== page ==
International Journal for the Semiotics of Law - Revue internationale de Sémiotique juridique

, Volume 22, Issue 1, pp 69–82

The Lawyer, the Judge, the Historian: Shaping the Meaning of the Boston Massacre, American Revolution, and Popular Opinion from 1770 to the Present Day

Authors

    • History and Jewish StudiesPennsylvania State University
Article

DOI: 10.1007/s11196-008-9096-y

Cite this article as:
Pencak, W. Int J Semiot Law (2009) 22: 69. doi:10.1007/s11196-008-9096-y
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Abstract

Both the Kevelson Seminar topic, ‘Lawyers as Makers of Meaning,’ and the appearance of a highly-publicized television series in the United States dedicated to the life of President John Adams (1735–1826) invite inquiry into Adams’ role as a lawyer who shaped the meaning of the American Revolution (and his role in bringing it about). Three trials from Adams’ early legal career illustrate that he presented both himself and fellow resistance leader James Otis, Jr., as heroic loners struggling for the rights of Americans against British injustice. Although he did not call it that, in 1970 lawyer and future Massachusetts Superior Court Justice Hiller Zobel, in his book The Boston Massacre, undertook what we would consider a semiotic approach that investigated the relevant codes and contexts—both the legal complexities and the audiences, other lawyers, judges, and posterity about which Adams spoke, simplifying and minimizing their roles as he maximized his own (and Otis’s). Zobel’s own relationship with Adams’ legal career appeared in his own tenure on the bench, especially in the famous ‘Nanny’ (discussed by Denis Brion, in this issue) case in which he explicitly presented the Boston Massacre Trials as a relevant precedent. Despite Adams’ willingness to subordinate his clients’ welfare to the patriot cause early in his career, it can be argued that HBO television and historian David McCullough, by presenting him to the public only flawed by his outspoken, stubborn honesty, have nevertheless performed a public service. Their version of Adams offers Americans in the twenty-first century an alternative role model to the dishonest, ill-informed politicians who use public opinion polls rather than political theory, moral philosophy, and historical knowledge as the basis of their decisions.

Introduction: The Issues and the PBS Special

The 2008 HBO television series about John Adams, based on the best-selling biography by David McCullough, who was involved with its production, begins with Adams the lawyer in the Boston Massacre Trials of 1770 as a maker of meaning [1]. Adams’ own slant on this event is presented uncritically, as it has been by almost every historian who has interpreted the incident since. Adams is the heroic loner, standing against the intimidating populace of Boston who prevented every other lawyer in town from taking the case. McCullough, the foremost non-academic historian of the late twentieth-century United States, takes his interpretation solely from Adams’ papers, as his footnotes attest. His biography, combined with the TV series, will be all that most people will ever know of the incident, not to mention Adams himself.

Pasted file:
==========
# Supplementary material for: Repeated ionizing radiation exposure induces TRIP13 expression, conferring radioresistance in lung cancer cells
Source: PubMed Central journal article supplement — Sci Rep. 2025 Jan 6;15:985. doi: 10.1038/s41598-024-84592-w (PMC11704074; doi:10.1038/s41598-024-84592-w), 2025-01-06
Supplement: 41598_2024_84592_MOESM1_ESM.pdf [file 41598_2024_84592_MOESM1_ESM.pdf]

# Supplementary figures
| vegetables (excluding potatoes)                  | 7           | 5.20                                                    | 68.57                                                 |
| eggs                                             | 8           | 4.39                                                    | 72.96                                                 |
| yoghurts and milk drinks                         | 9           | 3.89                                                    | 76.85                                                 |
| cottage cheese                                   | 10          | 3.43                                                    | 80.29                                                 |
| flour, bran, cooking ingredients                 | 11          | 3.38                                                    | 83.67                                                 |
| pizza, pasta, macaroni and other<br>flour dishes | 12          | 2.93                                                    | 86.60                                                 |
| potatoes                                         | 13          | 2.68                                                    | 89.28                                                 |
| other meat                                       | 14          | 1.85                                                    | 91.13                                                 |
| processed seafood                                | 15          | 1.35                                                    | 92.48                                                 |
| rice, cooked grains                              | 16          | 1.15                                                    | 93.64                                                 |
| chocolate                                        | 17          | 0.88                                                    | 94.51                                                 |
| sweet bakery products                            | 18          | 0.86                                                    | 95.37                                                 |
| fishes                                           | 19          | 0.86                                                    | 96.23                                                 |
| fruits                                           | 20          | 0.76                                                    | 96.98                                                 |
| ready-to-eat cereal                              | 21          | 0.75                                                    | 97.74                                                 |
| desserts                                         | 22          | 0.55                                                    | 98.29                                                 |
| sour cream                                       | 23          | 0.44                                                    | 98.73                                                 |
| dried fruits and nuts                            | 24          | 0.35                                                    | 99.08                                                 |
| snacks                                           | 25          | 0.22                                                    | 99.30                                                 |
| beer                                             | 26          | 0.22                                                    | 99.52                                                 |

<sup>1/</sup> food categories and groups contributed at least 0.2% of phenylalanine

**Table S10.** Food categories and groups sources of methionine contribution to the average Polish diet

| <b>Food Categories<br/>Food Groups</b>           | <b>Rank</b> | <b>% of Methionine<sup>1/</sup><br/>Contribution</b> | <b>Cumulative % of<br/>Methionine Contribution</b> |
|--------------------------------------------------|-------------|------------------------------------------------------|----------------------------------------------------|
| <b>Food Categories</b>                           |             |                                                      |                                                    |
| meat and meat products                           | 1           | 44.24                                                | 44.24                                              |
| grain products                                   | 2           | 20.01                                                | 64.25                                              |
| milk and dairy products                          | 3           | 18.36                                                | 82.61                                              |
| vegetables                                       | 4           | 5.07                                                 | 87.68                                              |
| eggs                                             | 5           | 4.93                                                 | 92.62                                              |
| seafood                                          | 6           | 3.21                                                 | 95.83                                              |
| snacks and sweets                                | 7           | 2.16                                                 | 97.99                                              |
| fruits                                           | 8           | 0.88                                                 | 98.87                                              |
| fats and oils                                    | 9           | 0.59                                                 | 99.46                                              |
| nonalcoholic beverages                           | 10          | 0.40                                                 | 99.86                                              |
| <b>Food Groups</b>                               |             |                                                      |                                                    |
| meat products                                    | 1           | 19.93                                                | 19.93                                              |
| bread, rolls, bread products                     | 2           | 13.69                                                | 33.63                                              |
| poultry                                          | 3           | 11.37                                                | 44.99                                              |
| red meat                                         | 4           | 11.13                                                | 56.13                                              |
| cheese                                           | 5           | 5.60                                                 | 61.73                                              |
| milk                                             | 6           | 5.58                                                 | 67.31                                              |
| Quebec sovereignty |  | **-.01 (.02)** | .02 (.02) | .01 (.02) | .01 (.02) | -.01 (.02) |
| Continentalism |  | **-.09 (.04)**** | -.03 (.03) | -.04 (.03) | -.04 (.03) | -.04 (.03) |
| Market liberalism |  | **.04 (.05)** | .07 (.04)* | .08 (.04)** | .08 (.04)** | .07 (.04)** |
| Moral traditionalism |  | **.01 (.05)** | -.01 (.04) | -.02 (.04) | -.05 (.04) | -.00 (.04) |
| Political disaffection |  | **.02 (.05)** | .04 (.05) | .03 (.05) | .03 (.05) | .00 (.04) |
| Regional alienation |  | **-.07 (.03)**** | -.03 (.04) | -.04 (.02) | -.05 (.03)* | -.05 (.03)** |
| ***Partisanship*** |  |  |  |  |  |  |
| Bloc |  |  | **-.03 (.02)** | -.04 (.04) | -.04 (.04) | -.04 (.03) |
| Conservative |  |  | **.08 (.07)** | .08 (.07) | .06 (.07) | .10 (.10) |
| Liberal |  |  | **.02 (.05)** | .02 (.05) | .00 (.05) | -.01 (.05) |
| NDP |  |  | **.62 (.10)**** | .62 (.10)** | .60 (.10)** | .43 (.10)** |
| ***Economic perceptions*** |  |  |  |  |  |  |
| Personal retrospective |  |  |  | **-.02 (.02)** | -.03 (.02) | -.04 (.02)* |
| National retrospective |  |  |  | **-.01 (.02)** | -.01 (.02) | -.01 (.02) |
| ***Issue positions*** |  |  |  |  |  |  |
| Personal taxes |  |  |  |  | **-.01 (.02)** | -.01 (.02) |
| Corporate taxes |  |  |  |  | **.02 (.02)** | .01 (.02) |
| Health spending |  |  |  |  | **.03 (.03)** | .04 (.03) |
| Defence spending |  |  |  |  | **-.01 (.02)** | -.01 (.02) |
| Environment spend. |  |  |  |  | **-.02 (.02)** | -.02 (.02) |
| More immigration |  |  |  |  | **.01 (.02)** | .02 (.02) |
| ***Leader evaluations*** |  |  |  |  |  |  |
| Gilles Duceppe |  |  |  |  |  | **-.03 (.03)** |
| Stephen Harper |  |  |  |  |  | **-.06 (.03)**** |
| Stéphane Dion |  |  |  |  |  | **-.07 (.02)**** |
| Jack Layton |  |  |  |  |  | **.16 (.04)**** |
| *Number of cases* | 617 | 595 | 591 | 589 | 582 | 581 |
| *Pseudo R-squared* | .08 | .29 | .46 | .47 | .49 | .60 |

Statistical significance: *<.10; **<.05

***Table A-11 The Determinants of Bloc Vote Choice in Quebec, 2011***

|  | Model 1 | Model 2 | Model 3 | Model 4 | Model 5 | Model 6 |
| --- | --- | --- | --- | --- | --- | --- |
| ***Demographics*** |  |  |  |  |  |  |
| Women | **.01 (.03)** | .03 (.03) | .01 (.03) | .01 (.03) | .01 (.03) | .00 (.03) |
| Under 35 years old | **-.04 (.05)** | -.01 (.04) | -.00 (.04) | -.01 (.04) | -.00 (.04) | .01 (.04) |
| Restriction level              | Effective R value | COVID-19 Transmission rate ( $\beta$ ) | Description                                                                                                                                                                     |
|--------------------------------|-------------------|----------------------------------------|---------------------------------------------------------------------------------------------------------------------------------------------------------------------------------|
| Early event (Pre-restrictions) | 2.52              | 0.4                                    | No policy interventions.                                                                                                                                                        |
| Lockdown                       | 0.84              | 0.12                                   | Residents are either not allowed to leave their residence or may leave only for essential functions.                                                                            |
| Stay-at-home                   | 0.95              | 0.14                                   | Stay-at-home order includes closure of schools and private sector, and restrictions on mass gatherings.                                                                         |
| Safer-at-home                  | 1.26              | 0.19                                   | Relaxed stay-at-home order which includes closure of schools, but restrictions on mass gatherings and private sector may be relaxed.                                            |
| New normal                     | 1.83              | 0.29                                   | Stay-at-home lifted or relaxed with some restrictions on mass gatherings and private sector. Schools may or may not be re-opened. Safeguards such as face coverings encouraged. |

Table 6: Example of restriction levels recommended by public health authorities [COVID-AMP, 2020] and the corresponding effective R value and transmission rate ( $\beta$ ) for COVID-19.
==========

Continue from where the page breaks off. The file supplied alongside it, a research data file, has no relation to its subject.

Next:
The heroic loner was Adams’ favorite image of himself, the voice of truth and reason in a world of liars and fools, whom he persuaded (at least in some cases) to do the right thing (pp. 531–537 in [2]). In the Massacre trial, as portrayed on television, his two principal witnesses are an African-American boy and a rope maker, who were also heroic loners in that they spoke the truth in the face of public pressure—that on 5 March 1770, eight soldiers were bullied and driven to defend themselves against a mob that taunted and assaulted them. (In reality Adams presented several dozen witnesses to this effect.) The jury then acquitted the soldiers of murder despite popular pressure to convict.

Adams the maker of meaning, uncritically accepted by posterity, presents himself in the Massacre Trials and elsewhere as an iconic figure. The context—the audience at the trial, the other lawyers and judges, the legal complexities—are simplified or ignored for his own glorification. Nor is this the only case in which Adams shaped meaning this way: his writings on the Writs of Assistance Trial of 1761 and the Corbet Impressment case of 1769 again isolate the heroic lawyer—James Otis in the former case, himself again in the latter—from a complicated situation to present both trials, and the larger narrative of the American Revolution attached to it, as instances where heroic individuals attempt to create new legal meaning in the face of pro-British courts and other government authorities.

The Adams series is great television, but much of the first episode is inaccurate history, presenting Adams as the ‘great man’ who is solely responsible for a just verdict in the trial. The best parts of that episode are the recreation of colonial Boston and Philadelphia, especially the powerful images of mobs carrying figures burned in effigy. A tarring and feathering was accurately presented as a horrifying spectacle that it was. And the soldiers are presented as genuine, victimized human beings.